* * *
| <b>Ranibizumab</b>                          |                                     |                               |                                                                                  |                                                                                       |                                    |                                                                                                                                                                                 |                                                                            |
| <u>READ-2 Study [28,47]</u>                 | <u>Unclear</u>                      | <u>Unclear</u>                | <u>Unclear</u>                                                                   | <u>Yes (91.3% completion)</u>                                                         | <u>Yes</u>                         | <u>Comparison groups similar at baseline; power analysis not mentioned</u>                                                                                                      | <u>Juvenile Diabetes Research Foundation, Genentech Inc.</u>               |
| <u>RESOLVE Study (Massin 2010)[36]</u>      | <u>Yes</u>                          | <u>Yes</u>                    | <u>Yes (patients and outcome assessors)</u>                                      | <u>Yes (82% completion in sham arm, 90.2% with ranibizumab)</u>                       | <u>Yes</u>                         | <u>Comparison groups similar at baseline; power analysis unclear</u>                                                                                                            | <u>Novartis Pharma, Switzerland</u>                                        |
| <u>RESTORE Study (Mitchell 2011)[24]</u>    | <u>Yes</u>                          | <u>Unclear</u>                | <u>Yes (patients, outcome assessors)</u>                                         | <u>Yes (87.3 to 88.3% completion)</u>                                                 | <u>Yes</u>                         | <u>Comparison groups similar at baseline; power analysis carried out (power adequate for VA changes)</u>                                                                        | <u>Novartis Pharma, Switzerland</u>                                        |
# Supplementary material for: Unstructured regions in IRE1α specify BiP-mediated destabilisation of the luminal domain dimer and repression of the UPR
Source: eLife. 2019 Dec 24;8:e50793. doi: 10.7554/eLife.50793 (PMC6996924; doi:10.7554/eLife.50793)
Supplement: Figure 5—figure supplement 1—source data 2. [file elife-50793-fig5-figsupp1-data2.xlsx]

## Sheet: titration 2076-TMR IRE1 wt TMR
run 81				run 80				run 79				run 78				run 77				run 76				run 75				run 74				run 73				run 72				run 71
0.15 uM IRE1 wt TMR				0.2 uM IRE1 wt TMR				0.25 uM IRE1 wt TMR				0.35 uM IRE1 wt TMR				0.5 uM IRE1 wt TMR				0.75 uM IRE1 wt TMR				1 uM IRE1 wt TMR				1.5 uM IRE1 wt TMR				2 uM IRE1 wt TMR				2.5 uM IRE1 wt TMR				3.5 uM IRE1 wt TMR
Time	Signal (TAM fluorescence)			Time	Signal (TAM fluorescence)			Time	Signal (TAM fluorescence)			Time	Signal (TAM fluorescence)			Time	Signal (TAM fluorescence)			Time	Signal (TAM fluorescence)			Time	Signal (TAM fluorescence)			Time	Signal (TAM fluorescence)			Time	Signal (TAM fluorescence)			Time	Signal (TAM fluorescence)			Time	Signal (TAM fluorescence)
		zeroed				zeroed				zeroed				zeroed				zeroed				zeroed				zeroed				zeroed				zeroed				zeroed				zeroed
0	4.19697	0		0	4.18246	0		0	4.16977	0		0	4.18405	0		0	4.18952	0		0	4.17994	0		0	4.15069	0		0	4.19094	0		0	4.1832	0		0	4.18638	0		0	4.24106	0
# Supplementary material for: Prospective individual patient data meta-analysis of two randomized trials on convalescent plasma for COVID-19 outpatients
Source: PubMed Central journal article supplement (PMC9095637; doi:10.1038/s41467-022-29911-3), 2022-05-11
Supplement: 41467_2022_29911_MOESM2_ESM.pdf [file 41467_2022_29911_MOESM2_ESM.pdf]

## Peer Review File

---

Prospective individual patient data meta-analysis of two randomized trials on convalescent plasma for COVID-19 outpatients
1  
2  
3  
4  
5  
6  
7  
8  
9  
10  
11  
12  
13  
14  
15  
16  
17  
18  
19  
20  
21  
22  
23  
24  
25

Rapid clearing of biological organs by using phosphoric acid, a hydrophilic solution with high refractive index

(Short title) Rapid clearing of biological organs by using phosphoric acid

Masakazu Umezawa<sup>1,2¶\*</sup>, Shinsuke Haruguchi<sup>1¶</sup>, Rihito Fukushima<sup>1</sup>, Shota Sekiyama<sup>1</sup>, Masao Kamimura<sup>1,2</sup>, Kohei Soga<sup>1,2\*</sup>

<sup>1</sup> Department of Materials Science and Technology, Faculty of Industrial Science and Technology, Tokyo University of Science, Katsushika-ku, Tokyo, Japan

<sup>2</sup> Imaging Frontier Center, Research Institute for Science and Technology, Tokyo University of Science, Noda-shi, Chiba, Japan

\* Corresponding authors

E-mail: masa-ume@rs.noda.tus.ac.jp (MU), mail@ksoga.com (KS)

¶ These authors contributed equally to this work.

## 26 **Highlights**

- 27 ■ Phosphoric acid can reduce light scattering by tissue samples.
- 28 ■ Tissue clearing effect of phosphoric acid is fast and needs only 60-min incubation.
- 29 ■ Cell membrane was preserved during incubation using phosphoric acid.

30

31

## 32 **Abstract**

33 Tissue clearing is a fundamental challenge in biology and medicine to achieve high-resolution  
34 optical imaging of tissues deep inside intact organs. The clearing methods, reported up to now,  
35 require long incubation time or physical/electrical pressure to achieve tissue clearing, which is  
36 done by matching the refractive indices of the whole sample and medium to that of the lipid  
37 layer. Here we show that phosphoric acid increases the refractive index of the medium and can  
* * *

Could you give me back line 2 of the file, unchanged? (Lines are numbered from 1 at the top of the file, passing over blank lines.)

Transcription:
| <u>READ-2 Study [28,47]</u>                 | <u>Unclear</u>                      | <u>Unclear</u>                | <u>Unclear</u>                                                                   | <u>Yes (91.3% completion)</u>                                                         | <u>Yes</u>                         | <u>Comparison groups similar at baseline; power analysis not mentioned</u>                                                                                                      | <u>Juvenile Diabetes Research Foundation, Genentech Inc.</u>               |